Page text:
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How many of us do our share of volunteering? As I look around our communities, I see many people who are doing things and helping people without pay. They volunteer at school, church, scouts, 4-H, summer recreation programs, but the most visible are those who serve with the local ambulance and fire service.
If you are looking for some outlet for your energy, give one of those emergency services a call and join in to help out.
I came across a piece about a new Medicare payment model sponsored by the Department of Health and Human Services (HHS). Richard McCarty, Director of Research at Americans for Limited Government Foundation wrote this piece. I would like to reprint part of it for your information.
“Under President Trump, the HHS has been busy: approving record numbers of generic drugs, working to increase affordable health insurance options, working to require more transparency in drug pricing, working to defund abortion facilities, protecting the right to conscience, and defunding research using tissue from aborted babies. Now, HHS is creating a new Medicare payment model that supports community paramedicine; this support has been sought by the emergency medical services (EMS) industry for years.
“For those unfamiliar with community paramedicine, it expands the role of paramedics in health care resulting in better, faster care for patients and reduced costs for both patients and taxpayers. With an aging population, rising health care costs, and doctor and nursing shortages, it is vital that medical resources be allocated and care delivered in an efficient manner, and community paramedicine does just that.
“Starting next year, HHS will begin paying participating ambulance providers to take Medicare patients to their doctor’s office or to an urgent care center, to treat them at home, or even to provide telehealth if that is medically appropriate and allowed by state laws. (An example of telehealth would be a doctor evaluating a patient who is located hundreds of miles away using a Smartphone and secure videoconference technology. This new payment model encourages paramedics to check up on forgetful patients to see if they have taken their medications, to help patients who have fallen and to locate tripping hazards in their homes, and to help asthma patients avoid things that trigger attacks, all of which helps reduce the likelihood of a patient needing to visit the emergency room.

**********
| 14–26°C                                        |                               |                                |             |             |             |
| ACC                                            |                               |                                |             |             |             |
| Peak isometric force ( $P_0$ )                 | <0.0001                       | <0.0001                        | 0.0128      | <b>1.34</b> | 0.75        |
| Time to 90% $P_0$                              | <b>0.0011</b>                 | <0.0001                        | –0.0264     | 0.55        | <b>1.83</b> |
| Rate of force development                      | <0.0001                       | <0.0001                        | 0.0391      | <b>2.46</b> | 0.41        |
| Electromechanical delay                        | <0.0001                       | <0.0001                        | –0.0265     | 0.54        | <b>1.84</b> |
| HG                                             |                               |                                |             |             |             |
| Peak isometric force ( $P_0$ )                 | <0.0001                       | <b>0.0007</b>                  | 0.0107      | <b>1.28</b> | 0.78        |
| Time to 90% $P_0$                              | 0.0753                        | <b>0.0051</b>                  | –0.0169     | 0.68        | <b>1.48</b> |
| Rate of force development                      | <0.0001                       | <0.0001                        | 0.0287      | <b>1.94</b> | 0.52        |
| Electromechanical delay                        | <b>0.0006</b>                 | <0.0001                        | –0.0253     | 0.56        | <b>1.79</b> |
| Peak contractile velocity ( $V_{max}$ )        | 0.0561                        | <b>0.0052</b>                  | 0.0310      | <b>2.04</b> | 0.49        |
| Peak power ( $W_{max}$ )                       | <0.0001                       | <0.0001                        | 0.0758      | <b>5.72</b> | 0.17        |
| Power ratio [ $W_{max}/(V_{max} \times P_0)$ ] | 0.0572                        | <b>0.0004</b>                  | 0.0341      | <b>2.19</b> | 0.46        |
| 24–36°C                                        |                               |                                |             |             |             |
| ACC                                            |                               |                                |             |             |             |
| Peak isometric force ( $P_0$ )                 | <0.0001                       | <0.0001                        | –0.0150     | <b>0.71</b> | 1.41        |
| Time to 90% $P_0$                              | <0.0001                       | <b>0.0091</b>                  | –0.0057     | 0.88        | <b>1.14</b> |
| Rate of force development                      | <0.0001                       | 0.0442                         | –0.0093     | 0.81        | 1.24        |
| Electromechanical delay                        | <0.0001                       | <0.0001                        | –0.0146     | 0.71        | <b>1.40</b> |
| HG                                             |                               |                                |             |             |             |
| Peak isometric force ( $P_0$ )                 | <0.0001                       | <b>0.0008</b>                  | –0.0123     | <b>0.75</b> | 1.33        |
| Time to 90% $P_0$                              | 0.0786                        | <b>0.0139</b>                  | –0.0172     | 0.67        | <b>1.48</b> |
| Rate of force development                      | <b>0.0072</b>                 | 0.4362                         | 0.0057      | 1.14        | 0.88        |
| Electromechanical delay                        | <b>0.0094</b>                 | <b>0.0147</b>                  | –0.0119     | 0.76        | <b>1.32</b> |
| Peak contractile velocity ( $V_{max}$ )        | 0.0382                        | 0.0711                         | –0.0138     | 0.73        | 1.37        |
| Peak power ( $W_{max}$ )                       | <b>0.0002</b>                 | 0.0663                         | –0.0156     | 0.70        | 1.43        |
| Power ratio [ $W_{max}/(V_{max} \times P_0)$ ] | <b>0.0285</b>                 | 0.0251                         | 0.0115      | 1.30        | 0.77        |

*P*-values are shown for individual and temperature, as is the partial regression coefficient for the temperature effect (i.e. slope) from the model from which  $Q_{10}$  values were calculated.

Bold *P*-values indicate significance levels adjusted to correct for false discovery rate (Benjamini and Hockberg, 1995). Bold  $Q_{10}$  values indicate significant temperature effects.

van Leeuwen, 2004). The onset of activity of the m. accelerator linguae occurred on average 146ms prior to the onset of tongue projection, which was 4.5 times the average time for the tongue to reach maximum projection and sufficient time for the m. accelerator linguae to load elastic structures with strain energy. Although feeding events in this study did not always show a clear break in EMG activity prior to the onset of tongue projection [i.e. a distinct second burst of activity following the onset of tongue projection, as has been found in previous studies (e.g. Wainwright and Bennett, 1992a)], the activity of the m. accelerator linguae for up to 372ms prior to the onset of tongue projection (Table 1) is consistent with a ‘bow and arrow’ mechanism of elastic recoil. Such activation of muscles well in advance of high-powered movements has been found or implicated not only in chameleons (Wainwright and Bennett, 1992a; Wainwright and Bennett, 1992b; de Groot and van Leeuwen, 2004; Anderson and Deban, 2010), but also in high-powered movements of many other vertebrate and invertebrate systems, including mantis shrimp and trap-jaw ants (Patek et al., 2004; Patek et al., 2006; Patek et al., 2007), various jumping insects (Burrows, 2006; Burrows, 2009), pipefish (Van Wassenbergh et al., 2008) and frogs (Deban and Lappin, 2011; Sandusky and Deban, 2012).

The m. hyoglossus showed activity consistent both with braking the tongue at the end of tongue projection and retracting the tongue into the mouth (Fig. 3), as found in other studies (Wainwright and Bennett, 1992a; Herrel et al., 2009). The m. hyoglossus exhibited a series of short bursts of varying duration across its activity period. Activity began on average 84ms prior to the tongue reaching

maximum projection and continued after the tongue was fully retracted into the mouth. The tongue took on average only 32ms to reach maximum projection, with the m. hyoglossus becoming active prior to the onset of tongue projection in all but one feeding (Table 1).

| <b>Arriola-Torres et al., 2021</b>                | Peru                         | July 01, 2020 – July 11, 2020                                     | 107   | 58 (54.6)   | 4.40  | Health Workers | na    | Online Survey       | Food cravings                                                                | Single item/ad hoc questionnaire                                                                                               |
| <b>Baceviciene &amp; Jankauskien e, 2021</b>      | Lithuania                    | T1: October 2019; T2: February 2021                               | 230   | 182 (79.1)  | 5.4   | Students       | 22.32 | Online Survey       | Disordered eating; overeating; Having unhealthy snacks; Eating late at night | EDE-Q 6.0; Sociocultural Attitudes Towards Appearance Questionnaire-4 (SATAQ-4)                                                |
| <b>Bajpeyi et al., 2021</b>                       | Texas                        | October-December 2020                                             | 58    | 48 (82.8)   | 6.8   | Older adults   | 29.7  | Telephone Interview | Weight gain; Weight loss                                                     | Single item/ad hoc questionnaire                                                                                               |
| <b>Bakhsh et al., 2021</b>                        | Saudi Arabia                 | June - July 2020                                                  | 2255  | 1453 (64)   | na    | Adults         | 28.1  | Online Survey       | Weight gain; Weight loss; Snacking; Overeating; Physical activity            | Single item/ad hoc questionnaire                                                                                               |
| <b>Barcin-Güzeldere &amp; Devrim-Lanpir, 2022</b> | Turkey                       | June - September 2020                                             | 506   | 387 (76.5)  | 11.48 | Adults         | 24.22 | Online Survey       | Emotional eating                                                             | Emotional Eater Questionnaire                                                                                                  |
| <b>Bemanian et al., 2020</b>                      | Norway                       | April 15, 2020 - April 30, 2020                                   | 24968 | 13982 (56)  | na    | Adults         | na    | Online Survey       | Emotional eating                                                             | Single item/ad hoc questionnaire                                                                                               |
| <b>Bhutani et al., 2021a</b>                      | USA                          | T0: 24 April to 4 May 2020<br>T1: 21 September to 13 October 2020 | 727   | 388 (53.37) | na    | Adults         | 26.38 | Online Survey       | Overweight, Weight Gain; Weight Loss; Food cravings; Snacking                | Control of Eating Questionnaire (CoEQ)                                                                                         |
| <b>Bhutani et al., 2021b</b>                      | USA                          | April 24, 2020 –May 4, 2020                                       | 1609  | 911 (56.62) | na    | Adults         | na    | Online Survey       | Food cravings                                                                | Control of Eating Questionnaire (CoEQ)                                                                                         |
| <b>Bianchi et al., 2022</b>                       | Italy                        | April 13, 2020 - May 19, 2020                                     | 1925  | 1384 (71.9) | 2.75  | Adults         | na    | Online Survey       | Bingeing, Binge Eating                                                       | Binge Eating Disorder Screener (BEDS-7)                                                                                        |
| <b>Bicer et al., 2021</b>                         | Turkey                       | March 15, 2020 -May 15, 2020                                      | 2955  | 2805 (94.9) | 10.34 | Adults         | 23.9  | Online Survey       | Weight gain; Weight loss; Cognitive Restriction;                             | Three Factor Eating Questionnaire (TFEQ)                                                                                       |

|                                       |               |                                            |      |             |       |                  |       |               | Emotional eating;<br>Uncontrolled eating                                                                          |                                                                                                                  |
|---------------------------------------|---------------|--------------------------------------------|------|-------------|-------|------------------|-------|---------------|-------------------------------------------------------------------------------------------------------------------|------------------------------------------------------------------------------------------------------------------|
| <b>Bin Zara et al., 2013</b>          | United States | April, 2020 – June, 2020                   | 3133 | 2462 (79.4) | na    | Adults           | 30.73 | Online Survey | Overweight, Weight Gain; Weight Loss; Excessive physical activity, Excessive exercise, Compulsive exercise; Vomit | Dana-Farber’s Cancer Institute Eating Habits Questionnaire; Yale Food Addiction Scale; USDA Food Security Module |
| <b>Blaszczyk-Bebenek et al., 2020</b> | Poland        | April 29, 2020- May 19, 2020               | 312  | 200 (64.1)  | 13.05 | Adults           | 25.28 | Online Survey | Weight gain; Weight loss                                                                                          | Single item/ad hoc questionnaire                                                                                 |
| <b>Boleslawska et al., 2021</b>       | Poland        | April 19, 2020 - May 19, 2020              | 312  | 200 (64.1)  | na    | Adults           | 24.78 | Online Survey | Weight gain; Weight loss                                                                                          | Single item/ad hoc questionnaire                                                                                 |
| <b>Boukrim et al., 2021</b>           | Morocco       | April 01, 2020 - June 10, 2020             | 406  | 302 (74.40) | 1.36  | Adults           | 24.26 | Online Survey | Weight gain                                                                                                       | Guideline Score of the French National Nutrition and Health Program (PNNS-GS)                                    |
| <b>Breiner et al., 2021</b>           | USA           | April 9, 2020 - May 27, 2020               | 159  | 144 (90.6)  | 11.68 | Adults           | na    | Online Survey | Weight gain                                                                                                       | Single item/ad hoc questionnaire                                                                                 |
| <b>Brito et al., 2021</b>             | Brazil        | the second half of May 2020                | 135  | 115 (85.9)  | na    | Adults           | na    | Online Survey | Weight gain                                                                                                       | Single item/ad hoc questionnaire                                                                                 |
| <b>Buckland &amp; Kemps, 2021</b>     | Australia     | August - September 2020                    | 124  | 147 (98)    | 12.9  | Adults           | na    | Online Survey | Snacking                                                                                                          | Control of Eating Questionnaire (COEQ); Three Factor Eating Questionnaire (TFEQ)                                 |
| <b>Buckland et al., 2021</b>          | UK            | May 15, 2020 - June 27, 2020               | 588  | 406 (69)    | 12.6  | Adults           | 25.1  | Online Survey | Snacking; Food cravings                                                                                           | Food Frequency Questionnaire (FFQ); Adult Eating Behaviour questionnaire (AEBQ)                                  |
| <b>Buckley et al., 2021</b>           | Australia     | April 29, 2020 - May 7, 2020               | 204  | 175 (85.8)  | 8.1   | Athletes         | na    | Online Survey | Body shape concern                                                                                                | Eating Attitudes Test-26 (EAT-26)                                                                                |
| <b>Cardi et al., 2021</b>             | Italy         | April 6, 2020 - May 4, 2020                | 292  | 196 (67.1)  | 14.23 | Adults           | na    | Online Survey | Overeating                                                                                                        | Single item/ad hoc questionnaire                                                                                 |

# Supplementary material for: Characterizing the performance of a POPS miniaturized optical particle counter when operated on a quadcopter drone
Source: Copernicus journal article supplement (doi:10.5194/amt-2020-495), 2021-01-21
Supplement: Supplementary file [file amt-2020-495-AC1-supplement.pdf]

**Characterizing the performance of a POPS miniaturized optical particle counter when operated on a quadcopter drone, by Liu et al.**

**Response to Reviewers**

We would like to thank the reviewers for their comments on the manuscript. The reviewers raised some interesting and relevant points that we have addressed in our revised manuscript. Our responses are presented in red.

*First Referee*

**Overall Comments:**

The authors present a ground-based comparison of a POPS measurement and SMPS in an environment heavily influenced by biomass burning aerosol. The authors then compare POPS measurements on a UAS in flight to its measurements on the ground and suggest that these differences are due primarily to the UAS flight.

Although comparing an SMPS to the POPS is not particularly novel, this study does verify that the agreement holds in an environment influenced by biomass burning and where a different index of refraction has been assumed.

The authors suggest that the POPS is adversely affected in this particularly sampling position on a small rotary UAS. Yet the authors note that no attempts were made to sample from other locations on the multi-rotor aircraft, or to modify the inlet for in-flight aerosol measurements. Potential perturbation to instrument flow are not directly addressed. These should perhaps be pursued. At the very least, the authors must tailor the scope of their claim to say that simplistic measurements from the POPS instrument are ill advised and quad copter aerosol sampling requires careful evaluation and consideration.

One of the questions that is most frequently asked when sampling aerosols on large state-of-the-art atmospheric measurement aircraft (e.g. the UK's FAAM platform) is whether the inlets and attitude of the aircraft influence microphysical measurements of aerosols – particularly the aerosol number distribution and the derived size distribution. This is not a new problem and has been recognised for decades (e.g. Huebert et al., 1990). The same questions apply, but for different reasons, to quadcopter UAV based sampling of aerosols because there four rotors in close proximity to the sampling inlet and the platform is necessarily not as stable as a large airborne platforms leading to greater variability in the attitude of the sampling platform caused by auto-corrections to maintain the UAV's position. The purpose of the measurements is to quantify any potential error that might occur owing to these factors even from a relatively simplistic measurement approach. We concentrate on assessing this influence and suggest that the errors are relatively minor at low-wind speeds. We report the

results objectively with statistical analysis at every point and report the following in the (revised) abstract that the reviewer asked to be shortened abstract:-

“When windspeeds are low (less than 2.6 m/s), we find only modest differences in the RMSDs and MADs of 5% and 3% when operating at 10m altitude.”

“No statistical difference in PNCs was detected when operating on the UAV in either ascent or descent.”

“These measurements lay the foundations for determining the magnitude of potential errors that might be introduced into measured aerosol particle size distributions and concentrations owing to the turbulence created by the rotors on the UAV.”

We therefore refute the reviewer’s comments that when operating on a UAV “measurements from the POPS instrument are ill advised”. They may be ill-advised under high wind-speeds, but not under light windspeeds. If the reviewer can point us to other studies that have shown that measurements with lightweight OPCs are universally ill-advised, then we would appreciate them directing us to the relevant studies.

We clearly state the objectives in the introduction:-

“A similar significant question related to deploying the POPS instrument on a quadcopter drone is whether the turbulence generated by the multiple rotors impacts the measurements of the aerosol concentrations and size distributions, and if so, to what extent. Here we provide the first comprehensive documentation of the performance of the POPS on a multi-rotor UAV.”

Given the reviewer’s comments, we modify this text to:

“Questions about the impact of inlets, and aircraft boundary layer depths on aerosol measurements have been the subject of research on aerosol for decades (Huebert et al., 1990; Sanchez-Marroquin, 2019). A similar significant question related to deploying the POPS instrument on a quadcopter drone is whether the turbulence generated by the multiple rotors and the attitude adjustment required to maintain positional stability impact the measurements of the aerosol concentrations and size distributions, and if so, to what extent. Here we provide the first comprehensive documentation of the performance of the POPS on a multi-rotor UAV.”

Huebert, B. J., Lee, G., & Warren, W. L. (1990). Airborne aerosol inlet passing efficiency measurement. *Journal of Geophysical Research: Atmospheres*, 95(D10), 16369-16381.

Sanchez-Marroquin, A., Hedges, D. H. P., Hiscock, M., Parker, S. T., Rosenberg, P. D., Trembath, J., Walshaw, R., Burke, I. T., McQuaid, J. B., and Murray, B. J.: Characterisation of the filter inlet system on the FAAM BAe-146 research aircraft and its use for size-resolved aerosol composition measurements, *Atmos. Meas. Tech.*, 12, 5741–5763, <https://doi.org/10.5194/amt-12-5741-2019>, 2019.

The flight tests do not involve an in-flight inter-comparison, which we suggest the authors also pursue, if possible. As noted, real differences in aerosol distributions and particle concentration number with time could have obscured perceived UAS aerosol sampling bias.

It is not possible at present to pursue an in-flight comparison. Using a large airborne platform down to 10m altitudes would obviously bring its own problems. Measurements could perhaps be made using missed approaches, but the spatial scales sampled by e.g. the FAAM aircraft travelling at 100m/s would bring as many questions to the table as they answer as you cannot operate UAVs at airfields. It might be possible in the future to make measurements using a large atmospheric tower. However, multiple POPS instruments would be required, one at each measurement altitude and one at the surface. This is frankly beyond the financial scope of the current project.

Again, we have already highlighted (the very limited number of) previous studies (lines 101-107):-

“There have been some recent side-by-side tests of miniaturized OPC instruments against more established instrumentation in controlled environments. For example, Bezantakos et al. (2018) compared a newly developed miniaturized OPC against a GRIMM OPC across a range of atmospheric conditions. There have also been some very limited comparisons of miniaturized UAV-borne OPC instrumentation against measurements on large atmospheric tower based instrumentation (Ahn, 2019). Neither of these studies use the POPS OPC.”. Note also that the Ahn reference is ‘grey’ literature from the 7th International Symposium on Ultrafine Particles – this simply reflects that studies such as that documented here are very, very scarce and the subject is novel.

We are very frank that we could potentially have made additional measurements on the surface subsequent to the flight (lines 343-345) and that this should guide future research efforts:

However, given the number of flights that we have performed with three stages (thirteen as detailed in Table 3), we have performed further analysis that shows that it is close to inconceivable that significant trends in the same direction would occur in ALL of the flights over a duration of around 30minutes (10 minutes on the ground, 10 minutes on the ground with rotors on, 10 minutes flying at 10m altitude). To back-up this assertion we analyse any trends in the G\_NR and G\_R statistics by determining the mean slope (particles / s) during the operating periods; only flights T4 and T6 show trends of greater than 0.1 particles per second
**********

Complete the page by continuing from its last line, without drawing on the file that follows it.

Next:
“The current Medicare regulations that allow payment for ambulance services only when patients are taken to the hospital, a skilled nursing facility, to a dialysis center have encouraged wasteful spending. Patients have long been transported to the emergency room regardless of whether that was the most appropriate place to treat them. In addition to being wasteful, emergency departments have been needlessly strained and treatment has been delayed for patients. A nationwide study in 2013 estimated that 17 percent of all ambulance transports were medically unnecessary. Furthermore, the overutilization of emergency rooms was estimated in 2010 to cost about $38 billion each year.”
I can remember when doctors made house calls. We have a picture postcard that was taken on First Street in Glenwood City in the early nineteen hundreds of Dr. Beebe in his new Cadillac car, which was no more than a seat and a steering wheel that he used to travel around the countryside calling on patients. Later, if an ambulance was needed, it was more than likely the hearse from the local funeral home. If you remember watching the shooting of Lee Harvey Oswald in the basement of the Dallas Police Station, back in 1963, he was transported to the hospital in a Ford station wagon with a red light on top.
How we have progressed. I can remember the first ambulance that Glenwood City received almost fifty years ago. They got a $5,000 grant from the federal government and spent $5,000 of city money to purchase the unit. Now days that ten thousand will probably not even pay for the lights and siren on a new rig.
Volunteers are needed, so get at it and if you are wondering how much money it takes to provide this needed service to the community, I made of couple of calls for that information. The total budgeted expenses for 2019 with the Glenwood City ambulance is $181,909; Boyceville, $466,372 and Colfax is at $464,189.
Thanks for reading! ~Carlton